The EU referendum vote and the shock decision by 52% of the UK’s population to leave caused immediate shock waves throughout global financial markets: European stocks, the British pound, euro and global share prices all plummeted in the immediate aftermath, whilst safe-haven assets such as gold and the dollar rocketed up. Yet the base metals complex seemed to register only a small bump from the event, recovered quickly and is now higher than it was before the vote. Why is this?
The base metals complex has climbed 10% on average since January 1 on the London Metal Exchange. Zinc has been the star performer, up 28.0% to date, with tin in second at 16.4%. Lead is the only metal to have lost since January 1, down 1.2%, while nickel is up 7.0%. Copper is up 2.8% to date and aluminum 8.9%.
Sentiment improving before the vote
With market expectations leaning towards a remain vote in the week before the result, metals were moving in an upward direction largely due to improved sentiment rather than any apparent shift in fundamentals. Possibly because of short-covering in anticipation of a remain vote, Commitment of Traders showed speculative net short positions of copper on COMEX at record highs in the weeks preceding the announcement.
In the week prior to the vote, copper was up 5.07%, aluminum 2.08%, nickel 3.88%, lead 1.59%, tin 1.35% and zinc 2.35%. The complex as a whole was up 2.70% on the week, basis LME data.
Barclays drove home the point about weak fundamentals saying, “We stand by our call for mediocre copper import results in the coming months, as demand within China slows over the summer. Moderating copper imports will reduce the upward pressure on global prices,” on June 21, highlighting again that in their view this rally was not supported by demand-supply dynamics.
“Tin is too high, I can see it coming down,” one tin trader told Platts on June 23. “There is too much material around right now, stocks are high, the market is pretty dead so I can’t see where the demand is, so I can see the metal falling,” expressing his belief that tin was now well above its fundamentals.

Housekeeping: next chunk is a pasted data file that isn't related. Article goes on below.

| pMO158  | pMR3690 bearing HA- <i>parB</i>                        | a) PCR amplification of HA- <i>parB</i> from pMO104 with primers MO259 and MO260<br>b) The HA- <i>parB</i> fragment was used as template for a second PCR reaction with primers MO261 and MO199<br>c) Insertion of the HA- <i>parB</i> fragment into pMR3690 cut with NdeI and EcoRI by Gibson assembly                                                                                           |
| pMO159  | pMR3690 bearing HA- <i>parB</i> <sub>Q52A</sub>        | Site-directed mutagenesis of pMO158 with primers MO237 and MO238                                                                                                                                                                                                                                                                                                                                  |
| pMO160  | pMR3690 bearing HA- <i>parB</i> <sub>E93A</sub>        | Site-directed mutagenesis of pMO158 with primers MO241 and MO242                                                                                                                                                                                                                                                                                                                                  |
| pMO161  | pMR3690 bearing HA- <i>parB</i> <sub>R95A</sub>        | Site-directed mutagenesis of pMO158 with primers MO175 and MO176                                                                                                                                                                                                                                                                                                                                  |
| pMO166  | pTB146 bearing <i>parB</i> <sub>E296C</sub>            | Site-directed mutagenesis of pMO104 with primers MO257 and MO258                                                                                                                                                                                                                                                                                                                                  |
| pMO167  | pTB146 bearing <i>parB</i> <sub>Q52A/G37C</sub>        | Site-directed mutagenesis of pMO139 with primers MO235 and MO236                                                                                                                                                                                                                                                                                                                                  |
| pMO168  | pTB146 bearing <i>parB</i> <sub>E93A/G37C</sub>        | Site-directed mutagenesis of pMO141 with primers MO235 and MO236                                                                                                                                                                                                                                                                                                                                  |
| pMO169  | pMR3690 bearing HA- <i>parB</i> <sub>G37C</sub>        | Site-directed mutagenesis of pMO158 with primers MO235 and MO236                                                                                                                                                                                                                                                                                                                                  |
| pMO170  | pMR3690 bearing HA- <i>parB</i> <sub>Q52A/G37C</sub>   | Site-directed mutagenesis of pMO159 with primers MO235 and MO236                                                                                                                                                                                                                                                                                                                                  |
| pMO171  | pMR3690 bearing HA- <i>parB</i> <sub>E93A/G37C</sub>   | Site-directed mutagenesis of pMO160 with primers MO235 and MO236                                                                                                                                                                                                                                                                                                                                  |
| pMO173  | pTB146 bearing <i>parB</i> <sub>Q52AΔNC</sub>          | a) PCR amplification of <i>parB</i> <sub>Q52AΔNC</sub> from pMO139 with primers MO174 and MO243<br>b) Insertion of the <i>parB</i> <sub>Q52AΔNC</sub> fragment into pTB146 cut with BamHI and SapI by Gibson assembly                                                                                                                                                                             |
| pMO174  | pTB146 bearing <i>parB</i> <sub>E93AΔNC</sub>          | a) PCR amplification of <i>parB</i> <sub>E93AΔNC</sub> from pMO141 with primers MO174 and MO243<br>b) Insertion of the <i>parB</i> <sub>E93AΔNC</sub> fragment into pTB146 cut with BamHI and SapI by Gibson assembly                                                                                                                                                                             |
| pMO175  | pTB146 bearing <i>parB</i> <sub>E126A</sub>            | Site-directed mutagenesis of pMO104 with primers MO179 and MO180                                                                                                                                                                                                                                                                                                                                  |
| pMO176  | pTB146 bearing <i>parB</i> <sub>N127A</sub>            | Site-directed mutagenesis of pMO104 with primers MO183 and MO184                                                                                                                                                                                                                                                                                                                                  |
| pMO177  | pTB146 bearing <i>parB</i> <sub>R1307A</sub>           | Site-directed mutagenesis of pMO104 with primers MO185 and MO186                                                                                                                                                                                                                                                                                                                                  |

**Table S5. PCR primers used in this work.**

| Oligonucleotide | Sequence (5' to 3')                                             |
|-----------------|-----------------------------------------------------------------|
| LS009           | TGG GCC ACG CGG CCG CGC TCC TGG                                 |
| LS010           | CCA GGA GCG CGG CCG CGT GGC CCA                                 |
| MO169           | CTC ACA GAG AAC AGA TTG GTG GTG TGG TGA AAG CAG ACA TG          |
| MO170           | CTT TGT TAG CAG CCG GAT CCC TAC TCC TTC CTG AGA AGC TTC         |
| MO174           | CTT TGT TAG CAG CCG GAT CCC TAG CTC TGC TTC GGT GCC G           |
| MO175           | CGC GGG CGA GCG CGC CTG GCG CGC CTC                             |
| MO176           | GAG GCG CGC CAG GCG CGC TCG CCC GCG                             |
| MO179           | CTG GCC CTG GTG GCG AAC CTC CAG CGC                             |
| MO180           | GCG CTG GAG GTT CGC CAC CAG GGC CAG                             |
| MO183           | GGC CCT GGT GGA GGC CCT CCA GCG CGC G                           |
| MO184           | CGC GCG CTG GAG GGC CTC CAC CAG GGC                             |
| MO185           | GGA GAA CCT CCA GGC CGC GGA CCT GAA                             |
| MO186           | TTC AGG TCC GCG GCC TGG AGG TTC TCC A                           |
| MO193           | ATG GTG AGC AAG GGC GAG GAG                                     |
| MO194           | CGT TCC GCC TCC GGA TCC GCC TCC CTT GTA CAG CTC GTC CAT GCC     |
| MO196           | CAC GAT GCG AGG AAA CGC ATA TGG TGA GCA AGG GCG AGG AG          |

Smaller than expected loss on ‘exit’ vote
Then in the early hours of June 24, markets erupted worldwide as results started coming through.
“We were looking for a correction in the [metals] market, but it is not as large as expected,” one trader said in the aftermath. This sentiment was echoed by others.
“There’s not the downside I expected; people are unsure, and are punting around in the market,” a second trader said on the same morning.
“The metals were all pushed up on the remain sentiment this week,” a third trader added, “and now they are falling, but not as much as I would have expected.”
Nickel was the biggest loser on the day, falling 2.38% by the close on June 24, aluminium and copper fell 1.40% and 1.60% respectively. Lead dropped 1.12%, while zinc and tin lost 0.95 and 0.98% each. The complex slipped as a whole by 1.40%.
By comparison, the GBP-USD lost 8%, the EUR-USD lost 2.6% and the FTSE 100 lost 3% by the end of the day.
Morning madness, afternoon calm
Activity on the LME was focused in the morning trading session, with the market surprisingly quiet by the afternoon.